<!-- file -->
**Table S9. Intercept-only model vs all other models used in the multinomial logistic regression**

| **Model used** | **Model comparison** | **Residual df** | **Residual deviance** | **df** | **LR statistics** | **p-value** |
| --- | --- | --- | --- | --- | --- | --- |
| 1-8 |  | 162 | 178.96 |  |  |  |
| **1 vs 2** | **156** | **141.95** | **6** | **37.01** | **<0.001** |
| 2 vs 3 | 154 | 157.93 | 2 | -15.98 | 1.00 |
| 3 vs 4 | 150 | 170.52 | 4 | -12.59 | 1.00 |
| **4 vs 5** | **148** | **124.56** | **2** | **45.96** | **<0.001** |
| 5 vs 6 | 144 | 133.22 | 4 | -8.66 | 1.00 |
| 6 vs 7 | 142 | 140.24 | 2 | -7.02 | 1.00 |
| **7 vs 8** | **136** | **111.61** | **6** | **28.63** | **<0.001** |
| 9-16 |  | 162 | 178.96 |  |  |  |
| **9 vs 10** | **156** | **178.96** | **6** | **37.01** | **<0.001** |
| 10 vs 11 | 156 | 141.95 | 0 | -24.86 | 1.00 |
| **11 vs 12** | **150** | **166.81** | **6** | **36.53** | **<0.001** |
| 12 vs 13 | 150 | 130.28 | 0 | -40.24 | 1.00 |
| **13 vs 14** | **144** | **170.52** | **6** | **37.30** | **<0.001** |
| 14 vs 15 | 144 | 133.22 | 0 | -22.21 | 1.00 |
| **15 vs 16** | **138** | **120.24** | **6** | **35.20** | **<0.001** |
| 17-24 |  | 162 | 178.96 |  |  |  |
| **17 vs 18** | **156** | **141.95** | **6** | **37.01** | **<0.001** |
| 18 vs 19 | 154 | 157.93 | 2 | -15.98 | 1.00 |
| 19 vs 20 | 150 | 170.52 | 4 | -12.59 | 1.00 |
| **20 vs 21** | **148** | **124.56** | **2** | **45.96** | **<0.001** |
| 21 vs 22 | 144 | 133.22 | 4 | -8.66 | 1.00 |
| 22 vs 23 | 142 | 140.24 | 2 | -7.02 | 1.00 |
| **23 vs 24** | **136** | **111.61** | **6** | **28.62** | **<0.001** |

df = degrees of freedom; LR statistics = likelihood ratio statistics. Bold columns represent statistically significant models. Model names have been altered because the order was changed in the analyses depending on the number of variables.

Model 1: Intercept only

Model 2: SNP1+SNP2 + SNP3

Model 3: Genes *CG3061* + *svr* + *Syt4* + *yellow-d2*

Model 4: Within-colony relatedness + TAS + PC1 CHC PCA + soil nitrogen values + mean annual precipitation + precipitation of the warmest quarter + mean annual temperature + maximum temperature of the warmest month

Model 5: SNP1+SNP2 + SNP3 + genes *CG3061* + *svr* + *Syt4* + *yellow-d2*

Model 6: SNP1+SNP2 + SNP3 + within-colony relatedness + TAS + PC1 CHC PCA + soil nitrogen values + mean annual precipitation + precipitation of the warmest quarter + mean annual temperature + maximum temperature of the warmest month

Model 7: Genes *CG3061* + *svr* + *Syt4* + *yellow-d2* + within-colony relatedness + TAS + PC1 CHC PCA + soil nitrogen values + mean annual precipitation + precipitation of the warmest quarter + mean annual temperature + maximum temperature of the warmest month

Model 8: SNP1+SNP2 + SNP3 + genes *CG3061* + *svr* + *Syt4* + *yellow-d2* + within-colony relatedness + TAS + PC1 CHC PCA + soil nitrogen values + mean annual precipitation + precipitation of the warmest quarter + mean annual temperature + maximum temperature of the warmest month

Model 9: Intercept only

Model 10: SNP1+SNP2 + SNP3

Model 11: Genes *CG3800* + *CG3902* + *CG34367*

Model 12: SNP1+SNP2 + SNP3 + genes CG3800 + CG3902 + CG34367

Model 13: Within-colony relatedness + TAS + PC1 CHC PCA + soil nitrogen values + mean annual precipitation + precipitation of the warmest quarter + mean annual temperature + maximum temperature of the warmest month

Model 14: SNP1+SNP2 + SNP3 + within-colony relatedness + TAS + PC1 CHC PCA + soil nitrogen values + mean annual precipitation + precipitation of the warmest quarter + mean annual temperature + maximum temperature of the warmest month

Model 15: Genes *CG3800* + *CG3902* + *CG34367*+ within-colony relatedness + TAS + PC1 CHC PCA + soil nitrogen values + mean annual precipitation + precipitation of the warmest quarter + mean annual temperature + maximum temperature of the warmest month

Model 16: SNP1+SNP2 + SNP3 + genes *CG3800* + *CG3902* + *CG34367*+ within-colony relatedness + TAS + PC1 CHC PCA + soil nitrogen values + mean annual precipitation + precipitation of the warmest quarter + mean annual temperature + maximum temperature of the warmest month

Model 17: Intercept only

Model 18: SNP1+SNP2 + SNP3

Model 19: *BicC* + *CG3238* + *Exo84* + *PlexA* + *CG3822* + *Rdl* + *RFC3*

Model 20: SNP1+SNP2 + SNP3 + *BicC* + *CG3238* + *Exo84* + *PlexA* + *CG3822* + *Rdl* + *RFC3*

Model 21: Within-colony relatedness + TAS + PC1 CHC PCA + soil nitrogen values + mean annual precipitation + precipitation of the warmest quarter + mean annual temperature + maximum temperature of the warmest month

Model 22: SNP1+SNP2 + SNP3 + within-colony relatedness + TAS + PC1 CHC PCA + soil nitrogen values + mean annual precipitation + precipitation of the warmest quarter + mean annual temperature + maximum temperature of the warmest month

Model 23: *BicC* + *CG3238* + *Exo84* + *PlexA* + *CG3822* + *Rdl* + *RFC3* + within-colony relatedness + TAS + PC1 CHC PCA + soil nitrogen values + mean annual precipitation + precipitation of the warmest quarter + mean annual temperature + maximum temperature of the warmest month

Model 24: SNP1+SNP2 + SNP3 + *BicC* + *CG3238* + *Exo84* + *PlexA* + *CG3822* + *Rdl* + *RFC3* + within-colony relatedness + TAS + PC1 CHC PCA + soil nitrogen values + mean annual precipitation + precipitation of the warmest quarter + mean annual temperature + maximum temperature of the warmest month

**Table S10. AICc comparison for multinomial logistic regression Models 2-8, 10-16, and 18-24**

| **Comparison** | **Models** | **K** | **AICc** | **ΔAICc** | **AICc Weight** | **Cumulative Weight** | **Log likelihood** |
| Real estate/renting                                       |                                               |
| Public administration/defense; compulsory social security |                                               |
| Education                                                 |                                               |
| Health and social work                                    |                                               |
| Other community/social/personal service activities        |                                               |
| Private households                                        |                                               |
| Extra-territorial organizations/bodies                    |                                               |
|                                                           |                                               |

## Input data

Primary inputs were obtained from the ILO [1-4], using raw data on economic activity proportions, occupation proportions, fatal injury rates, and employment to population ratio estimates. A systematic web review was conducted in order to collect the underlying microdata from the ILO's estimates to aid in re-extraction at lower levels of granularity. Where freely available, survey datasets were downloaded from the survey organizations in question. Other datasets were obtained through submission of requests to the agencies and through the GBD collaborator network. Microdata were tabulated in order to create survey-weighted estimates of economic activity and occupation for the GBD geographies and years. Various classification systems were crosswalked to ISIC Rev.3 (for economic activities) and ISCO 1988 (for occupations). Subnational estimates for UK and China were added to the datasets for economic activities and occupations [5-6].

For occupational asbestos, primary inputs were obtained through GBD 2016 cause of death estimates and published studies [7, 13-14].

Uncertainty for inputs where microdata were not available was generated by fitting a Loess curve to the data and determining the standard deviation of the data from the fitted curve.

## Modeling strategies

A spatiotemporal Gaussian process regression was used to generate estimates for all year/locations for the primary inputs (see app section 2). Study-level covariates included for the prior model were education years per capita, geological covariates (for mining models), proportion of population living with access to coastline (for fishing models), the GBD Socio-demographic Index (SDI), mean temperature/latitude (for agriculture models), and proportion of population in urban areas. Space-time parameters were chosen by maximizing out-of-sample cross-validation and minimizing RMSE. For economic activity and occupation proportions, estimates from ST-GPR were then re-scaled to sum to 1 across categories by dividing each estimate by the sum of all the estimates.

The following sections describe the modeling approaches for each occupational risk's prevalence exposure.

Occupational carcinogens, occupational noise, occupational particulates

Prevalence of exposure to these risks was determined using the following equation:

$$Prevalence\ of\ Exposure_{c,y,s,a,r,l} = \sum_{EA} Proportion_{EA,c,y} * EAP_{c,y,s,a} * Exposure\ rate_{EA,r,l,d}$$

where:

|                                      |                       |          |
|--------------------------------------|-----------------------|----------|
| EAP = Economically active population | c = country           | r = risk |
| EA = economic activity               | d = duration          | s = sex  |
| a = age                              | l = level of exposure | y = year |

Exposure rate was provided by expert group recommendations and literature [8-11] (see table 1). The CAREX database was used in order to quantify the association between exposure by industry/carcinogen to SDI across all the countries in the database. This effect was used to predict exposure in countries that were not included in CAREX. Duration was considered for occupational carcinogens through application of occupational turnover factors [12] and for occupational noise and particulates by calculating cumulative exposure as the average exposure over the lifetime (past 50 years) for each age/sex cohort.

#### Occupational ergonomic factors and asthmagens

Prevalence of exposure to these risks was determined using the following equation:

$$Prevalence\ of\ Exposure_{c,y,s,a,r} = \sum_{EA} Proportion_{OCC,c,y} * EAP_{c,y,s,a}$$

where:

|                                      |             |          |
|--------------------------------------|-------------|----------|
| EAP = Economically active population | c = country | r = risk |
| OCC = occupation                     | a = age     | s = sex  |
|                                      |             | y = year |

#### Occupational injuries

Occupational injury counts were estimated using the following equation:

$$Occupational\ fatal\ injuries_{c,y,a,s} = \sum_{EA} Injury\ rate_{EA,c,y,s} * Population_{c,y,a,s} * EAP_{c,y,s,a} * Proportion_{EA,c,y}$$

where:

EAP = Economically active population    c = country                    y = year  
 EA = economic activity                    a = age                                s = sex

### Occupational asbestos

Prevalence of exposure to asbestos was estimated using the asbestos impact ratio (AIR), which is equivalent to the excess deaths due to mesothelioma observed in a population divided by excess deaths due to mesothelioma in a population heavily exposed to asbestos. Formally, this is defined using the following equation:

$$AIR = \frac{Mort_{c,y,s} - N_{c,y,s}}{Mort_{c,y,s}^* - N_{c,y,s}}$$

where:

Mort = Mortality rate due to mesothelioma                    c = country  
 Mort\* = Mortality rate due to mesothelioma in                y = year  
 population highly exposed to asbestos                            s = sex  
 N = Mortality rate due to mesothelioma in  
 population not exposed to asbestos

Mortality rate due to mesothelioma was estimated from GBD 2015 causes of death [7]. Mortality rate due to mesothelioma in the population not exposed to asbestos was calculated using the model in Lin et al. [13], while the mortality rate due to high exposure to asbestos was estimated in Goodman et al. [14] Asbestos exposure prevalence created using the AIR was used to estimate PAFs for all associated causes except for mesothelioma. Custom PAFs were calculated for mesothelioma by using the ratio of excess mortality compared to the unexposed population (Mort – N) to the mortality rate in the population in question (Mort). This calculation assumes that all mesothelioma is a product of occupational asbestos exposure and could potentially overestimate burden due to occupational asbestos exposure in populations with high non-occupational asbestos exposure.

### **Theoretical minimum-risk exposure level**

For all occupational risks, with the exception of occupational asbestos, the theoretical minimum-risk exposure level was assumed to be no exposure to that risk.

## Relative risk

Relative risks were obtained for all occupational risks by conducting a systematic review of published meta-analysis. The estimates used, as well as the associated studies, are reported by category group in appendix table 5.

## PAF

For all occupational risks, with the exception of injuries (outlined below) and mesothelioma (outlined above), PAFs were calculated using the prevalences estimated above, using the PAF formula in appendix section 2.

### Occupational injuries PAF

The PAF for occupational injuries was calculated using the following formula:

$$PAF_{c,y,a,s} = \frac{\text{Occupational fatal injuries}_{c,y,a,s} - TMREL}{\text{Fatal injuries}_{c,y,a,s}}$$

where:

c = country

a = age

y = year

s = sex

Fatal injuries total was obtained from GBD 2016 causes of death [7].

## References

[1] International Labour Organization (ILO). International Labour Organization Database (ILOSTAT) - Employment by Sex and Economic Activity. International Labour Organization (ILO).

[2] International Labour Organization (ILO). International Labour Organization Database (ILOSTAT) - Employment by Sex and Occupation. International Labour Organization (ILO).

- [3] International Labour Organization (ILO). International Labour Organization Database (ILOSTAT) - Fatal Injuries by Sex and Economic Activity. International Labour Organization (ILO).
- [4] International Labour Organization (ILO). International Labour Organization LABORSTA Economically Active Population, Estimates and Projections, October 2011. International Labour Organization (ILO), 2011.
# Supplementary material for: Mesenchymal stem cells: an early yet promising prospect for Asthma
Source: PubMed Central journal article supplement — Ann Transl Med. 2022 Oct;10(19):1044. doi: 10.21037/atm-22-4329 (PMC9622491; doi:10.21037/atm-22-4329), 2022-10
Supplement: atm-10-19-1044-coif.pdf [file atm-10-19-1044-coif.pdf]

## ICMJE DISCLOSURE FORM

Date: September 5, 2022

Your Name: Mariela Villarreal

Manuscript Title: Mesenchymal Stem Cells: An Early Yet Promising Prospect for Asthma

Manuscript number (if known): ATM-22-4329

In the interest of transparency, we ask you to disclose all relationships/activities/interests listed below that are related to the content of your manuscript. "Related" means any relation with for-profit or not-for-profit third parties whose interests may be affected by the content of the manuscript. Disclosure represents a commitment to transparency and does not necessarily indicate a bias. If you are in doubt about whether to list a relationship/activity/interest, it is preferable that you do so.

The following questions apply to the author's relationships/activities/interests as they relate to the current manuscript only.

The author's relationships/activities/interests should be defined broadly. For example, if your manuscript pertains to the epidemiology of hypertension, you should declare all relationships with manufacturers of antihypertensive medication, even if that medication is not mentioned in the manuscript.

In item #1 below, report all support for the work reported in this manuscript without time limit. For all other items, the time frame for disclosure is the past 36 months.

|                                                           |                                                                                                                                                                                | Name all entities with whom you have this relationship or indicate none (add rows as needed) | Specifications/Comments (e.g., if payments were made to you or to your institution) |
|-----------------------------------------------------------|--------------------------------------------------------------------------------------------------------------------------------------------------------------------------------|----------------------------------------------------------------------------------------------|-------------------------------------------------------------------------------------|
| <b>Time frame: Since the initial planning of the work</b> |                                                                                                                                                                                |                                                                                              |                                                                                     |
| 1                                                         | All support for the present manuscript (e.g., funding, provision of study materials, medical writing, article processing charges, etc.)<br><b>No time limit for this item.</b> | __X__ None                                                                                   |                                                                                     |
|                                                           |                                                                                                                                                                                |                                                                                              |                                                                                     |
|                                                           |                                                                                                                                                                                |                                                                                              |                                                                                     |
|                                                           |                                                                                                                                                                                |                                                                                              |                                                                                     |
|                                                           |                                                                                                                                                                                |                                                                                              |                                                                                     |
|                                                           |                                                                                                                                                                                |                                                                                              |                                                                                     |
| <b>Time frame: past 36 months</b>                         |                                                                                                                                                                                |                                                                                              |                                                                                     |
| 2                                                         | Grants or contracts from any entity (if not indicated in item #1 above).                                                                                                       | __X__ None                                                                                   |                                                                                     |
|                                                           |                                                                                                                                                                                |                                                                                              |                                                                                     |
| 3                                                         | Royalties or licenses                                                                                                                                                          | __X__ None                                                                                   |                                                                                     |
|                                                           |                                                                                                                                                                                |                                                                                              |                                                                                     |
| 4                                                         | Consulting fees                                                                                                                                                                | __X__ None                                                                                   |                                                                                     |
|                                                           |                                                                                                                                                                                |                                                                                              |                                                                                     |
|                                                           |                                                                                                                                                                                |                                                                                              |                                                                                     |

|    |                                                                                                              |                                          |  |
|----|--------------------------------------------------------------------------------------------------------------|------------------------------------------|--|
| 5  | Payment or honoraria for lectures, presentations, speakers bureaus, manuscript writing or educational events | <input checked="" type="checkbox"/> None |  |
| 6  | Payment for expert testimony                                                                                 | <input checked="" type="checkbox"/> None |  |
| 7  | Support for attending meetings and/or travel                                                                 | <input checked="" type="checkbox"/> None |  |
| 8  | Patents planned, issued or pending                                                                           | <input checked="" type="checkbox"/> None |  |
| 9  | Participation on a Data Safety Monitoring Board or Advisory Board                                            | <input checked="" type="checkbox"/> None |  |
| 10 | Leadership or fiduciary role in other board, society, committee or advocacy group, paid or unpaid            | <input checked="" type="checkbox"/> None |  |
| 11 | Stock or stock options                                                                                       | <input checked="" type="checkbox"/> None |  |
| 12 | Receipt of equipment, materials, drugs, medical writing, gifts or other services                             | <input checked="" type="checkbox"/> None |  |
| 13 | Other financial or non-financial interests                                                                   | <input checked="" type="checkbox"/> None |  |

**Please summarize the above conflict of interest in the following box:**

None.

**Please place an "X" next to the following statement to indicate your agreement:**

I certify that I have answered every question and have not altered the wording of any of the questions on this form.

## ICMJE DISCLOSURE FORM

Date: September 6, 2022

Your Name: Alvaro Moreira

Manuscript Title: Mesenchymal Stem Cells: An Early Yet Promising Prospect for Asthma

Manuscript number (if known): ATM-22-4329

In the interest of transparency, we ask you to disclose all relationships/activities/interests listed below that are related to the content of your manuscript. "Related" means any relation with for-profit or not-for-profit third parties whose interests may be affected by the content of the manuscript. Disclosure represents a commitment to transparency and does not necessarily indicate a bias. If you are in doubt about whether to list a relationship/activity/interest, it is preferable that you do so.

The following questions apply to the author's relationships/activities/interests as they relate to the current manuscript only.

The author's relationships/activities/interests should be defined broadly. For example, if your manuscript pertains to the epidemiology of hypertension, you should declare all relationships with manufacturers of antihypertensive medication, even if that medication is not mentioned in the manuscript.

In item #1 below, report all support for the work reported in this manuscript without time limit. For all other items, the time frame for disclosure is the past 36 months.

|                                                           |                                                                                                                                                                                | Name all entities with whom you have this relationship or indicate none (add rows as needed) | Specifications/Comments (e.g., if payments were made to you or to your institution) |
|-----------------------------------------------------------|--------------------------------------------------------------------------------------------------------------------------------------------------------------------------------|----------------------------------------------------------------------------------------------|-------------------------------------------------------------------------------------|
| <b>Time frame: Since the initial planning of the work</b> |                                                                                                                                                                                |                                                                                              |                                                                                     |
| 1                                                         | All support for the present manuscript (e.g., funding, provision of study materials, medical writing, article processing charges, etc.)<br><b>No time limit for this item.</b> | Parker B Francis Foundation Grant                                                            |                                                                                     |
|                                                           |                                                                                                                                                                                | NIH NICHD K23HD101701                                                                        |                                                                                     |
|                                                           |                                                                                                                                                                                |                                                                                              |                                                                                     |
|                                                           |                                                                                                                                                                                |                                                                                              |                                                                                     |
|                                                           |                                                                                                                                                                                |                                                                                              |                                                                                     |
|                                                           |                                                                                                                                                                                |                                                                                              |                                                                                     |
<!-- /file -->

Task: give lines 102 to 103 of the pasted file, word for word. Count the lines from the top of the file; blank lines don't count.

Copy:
 N = Mortality rate due to mesothelioma in  
 population not exposed to asbestos